The virus that causes COVID-19 was not the first pathogen to pass from animals to humans, and it surely won't be the last. And though we may never pinpoint the exact animal source of SARS-CoV-2, we can hone our (re)search strategies to prepare for the next one.

To do just that, a new study has quantified the risk of naturally-circulating viruses jumping from their animal hosts, specifically mammals, into humans – with a focus on the global wildlife trade, both legal and illegal.

One-quarter of mammals swept up in the wildlife trade host 75 percent of all known zoonotic viruses, but domesticated and non-traded wild mammals were also not far behind, the research found.

"Annually, it is estimated that international wildlife trade results in upwards of one billion direct and indirect contacts between wildlife, humans, and domestic animals," says lead author and conservation biologist Shivaprakash Nagaraju from The Nature Conservancy, India.

Put simply, this close contact increases the chances of animal-borne pathogens such as viruses hopping over into humans, becoming zoonotic diseases that may lead to disease outbreaks.

From the results of this study, it seems a few key animal groups carry the bulk of zoonotic viruses. The question is, are we looking at the right ones?

"By pinpointing the species that pose the highest risk of passing zoonotic diseases to humans, we hope our research can help global health experts prioritize where to concentrate their efforts to prevent the next global pandemic," Nagaraju says.

But this is not a new risk – just one that has caught our attention. And wildlife trade is not the only driving factor.

Six out of every 10 infectious diseases in people are zoonotic, with the plague and rabies listed by the US Centers for Disease Control and Prevention as zoonoses of concern alongside emerging coronaviruses.

Ebola, HIV, Middle East respiratory syndrome (MERS), and severe acute respiratory syndrome (SARS) all emerged as zoonotic viruses before the COVID-19 pandemic took hold. So we'd be fools not to acknowledge our own hand in this.

Mounting evidence has shown that exploitative human activities such as deforestation and urbanization which impact natural habitats and thrust wild animals into contact with humans, have directly contributed to the spread of zoonotic diseases.

Two key sources of zoonotic diseases include bats and rodents, which live in close-knit colonies and adapt easily to human-dominated environments.

But this new study, a meta-analysis of data on 226 known zoonotic viruses in more than 800 mammal species – wild, traded and domesticated – points to other potential sources that may have been overlooked.

In the current wildlife trade, primates and hoofed animals such as goats, cattle and pigs, could pose an even greater risk to human health than bats and rodents – carrying a sizable pathogenic load, or around 30 percent of all known zoonotic viruses.

"Traded mammals also harbor a distinct composition of zoonotic viruses and different host reservoirs than non-traded and domesticated mammals," writes Nagaraju.

Outside of the wildlife trade, though, rodents and bats are still the major reservoirs of zoonotic viruses in nature, the study found.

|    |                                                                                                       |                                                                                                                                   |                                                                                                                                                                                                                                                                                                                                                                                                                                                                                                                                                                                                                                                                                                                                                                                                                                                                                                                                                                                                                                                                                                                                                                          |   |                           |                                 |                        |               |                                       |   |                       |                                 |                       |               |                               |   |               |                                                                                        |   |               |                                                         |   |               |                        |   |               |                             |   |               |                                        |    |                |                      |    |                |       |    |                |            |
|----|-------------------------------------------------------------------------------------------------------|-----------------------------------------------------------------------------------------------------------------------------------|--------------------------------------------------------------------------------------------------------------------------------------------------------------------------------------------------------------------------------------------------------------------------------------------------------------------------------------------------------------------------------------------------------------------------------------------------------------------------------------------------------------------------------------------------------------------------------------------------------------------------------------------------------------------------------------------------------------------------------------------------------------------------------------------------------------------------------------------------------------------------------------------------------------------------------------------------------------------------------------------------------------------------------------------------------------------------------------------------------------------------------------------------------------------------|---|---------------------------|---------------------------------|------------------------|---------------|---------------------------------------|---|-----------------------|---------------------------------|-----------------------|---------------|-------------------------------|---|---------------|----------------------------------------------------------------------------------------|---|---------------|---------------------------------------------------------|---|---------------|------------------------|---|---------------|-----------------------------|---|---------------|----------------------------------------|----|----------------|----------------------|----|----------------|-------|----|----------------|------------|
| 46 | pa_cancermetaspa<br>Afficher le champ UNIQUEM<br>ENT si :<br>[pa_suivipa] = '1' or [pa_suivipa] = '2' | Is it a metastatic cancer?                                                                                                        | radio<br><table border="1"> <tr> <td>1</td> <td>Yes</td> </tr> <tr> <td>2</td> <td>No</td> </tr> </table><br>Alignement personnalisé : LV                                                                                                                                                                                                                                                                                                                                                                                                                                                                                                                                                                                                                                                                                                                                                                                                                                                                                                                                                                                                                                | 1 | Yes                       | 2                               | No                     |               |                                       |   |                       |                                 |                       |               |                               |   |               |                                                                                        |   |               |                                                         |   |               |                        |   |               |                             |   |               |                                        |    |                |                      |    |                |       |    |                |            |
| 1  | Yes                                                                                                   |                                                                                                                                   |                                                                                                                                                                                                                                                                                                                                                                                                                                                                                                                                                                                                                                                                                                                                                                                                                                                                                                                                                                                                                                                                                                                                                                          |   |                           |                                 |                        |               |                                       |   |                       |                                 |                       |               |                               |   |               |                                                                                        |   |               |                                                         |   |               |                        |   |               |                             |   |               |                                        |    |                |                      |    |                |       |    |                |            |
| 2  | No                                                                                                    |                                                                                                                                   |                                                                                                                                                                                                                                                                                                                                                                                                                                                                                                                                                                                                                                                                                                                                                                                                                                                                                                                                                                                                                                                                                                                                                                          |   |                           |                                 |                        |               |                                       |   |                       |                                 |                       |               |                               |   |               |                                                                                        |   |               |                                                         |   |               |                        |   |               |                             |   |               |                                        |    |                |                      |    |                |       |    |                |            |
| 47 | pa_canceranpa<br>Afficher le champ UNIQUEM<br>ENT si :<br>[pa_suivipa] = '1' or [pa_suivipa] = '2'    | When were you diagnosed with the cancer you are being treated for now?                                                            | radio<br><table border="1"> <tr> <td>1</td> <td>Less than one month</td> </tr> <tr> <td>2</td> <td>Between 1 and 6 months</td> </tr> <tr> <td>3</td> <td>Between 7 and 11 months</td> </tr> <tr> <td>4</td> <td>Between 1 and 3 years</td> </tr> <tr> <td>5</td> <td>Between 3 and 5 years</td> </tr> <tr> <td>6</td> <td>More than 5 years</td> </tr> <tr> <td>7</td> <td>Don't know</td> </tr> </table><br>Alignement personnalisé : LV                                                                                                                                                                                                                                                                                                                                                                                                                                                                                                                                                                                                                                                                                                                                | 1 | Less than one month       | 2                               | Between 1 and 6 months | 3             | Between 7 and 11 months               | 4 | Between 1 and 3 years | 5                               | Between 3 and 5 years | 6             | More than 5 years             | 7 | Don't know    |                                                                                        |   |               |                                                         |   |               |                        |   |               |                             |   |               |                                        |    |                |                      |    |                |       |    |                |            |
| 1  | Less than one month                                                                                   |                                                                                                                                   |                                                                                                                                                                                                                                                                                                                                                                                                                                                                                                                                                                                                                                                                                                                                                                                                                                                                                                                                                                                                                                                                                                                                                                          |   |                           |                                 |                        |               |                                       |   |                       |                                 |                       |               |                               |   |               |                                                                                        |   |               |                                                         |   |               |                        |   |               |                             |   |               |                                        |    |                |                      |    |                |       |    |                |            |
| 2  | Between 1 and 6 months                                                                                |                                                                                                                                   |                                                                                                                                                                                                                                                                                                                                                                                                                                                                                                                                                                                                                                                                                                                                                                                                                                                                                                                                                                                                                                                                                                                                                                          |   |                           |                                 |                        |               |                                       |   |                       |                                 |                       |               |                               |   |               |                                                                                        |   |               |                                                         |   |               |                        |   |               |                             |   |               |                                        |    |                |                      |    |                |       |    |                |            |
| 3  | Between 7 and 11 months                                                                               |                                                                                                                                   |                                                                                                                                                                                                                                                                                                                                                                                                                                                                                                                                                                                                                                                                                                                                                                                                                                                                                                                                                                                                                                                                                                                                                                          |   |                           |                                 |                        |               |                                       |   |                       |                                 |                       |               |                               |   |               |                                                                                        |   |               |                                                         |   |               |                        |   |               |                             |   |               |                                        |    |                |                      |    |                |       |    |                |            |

An analysis like this, however, is only as good as the data available in literature, reports and databases, and this depends on which viruses have been sampled and where.

Despite their valiant efforts, scientists have only just scratched the surface of the many millions of viruses circulating in wild animals. In mammals and birds alone, there are an estimated 1.7 million undiscovered viruses we know nothing about.

"The phylogenetic signal of viral load we detected could be a function of both the incomplete sampling of mammal species for viruses and undiscovered viral diversity in mammals," writes Nagaraju and his colleagues in their paper.

That said, other recent studies have similarly suggested that in surveillance efforts, we need to look beyond bats and rodents because these animals may not be the 'special' viral reservoirs past research has made them out to be. Those animal groups contain more species, which are consequently able to host more viruses that may find their way across to humans.

That same study also suggested that viral traits, such as how a virus replicates, are possibly more of a factor in zoonotic spillovers than biological features of animal hosts. But other research shows geography and species distribution are important factors, too.

Which brings us back to the wildlife trade, a global problem.

A 2009 analysis found that nearly 1.5 billion live animals were imported by the United States between 2000 and 2006, and nearly 80 percent of those shipments contained animals from wild populations. Many were from known zoonotic disease hotspots and species identification was generally poor.

"If we want to stop the next pandemic before it starts," says Joe Kiesecker, also of The Nature Conservancy, "our findings indicate that we should, among other measures, focus our efforts on keeping rodents, bats, primates, ungulates, and carnivores out of wildlife trade."

"However, managing wildlife trade is only part of the solution to prevent future zoonotic pandemics," the researchers also note.

"An equally important threat for wildlife-linked zoonotic diseases is [land-use changes] from forests to other uses, such as industrialized agriculture expansion, infrastructure development, and urbanization."

The study was published in Current Biology.